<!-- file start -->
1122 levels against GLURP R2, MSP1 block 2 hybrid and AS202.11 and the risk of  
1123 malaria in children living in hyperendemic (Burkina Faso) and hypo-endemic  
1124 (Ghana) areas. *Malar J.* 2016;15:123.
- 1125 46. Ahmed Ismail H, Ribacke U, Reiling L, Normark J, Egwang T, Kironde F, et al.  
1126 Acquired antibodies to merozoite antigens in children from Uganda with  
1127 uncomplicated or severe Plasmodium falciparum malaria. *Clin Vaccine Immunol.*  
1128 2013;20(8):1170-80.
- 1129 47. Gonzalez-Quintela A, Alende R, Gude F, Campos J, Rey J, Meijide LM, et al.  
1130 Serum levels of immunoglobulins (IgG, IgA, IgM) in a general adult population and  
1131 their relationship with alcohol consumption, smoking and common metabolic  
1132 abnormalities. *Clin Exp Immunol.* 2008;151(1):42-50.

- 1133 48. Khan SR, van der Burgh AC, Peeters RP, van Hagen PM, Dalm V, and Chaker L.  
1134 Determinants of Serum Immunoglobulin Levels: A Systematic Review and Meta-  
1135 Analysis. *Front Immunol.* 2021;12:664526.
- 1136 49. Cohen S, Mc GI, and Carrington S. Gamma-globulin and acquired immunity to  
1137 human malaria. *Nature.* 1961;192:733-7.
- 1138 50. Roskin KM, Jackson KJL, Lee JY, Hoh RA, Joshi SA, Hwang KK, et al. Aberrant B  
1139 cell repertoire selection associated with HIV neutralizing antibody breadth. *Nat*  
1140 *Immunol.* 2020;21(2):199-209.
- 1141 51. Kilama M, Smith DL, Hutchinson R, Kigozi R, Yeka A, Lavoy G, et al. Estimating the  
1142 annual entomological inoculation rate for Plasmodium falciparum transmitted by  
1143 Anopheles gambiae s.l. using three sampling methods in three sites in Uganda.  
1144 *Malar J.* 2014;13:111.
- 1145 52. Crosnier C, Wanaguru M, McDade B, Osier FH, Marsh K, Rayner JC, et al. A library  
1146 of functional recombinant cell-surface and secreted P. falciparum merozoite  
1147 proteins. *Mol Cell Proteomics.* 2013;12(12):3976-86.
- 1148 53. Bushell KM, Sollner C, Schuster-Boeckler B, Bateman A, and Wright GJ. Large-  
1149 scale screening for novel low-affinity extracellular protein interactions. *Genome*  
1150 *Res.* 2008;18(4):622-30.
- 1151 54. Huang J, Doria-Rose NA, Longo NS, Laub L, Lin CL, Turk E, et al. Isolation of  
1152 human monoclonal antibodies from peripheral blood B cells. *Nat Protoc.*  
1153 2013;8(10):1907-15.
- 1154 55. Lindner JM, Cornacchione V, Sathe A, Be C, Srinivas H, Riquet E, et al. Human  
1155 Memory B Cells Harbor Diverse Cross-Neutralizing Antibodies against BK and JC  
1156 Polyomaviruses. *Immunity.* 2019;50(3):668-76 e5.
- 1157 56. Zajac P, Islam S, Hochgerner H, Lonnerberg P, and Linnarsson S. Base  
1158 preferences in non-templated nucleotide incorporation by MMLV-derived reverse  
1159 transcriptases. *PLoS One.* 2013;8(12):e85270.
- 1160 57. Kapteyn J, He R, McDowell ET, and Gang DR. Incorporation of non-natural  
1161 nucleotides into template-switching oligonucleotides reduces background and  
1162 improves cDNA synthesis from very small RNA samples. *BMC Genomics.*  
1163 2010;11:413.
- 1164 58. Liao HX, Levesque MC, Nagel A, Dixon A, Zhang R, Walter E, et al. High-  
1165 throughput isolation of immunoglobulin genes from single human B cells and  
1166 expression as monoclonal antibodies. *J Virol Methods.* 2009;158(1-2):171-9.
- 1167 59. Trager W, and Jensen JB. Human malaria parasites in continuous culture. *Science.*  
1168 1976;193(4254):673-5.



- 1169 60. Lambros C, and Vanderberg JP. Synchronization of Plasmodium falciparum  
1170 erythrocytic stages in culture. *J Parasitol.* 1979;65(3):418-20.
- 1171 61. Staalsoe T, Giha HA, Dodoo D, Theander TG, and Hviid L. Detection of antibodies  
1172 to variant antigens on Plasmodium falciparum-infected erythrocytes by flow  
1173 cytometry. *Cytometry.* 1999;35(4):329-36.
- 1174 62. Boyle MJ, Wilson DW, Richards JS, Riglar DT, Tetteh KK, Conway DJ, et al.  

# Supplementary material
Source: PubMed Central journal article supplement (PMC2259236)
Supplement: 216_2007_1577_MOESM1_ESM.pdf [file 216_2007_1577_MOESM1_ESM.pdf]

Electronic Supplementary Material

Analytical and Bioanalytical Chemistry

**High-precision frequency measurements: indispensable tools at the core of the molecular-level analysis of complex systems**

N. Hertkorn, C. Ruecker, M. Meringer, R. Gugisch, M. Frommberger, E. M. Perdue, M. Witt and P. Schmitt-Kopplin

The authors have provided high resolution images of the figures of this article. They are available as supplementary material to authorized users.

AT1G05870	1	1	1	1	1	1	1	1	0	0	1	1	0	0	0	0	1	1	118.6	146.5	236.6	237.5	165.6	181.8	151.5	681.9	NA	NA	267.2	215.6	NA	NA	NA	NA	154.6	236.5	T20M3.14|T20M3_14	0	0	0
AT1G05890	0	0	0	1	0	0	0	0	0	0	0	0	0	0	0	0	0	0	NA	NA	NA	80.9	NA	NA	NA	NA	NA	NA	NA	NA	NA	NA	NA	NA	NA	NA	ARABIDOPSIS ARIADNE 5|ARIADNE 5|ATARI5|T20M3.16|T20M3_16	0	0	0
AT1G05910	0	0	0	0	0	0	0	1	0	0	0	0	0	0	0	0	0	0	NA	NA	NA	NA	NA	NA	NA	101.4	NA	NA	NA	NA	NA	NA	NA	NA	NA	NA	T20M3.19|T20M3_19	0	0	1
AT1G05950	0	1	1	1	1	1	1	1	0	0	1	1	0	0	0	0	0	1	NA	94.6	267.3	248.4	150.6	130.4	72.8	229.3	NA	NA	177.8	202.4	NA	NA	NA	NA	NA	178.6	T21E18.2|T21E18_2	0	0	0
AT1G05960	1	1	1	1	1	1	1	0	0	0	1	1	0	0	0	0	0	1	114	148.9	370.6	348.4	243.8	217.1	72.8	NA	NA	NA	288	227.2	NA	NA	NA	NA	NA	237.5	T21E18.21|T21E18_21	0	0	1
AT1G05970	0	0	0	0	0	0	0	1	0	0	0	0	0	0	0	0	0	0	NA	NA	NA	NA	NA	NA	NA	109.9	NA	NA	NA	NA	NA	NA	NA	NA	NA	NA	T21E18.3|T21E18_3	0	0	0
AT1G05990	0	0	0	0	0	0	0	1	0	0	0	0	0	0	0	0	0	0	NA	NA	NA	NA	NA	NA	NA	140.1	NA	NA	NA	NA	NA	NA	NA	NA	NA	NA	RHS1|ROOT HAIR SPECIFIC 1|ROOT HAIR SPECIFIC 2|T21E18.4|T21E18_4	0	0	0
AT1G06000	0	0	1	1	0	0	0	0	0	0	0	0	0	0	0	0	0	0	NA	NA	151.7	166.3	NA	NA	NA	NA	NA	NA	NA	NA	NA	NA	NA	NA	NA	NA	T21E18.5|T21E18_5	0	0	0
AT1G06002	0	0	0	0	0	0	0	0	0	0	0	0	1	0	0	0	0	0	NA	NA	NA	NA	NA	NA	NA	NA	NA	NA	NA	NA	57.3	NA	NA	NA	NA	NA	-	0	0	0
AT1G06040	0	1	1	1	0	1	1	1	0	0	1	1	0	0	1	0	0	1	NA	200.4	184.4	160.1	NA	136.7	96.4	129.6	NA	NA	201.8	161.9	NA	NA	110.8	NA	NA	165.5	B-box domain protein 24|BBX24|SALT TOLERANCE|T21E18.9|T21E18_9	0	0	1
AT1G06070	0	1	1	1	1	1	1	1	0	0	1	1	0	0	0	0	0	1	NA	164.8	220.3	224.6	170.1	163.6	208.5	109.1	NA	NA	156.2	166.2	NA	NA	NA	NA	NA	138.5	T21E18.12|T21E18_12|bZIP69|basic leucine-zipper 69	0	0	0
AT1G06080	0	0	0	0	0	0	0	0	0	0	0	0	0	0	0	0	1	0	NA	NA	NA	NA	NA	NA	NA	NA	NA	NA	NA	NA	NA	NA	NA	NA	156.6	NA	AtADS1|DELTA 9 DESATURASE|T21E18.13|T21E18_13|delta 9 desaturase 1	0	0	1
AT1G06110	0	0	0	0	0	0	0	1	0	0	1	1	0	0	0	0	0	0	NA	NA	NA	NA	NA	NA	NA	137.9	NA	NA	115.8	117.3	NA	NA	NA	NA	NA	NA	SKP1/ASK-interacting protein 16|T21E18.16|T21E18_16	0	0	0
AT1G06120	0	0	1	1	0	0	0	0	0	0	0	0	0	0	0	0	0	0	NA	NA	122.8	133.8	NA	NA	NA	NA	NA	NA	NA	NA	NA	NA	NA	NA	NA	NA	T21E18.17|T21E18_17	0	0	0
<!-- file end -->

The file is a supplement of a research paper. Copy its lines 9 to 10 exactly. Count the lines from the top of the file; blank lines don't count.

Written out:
1130 Serum levels of immunoglobulins (IgG, IgA, IgM) in a general adult population and  
1131 their relationship with alcohol consumption, smoking and common metabolic  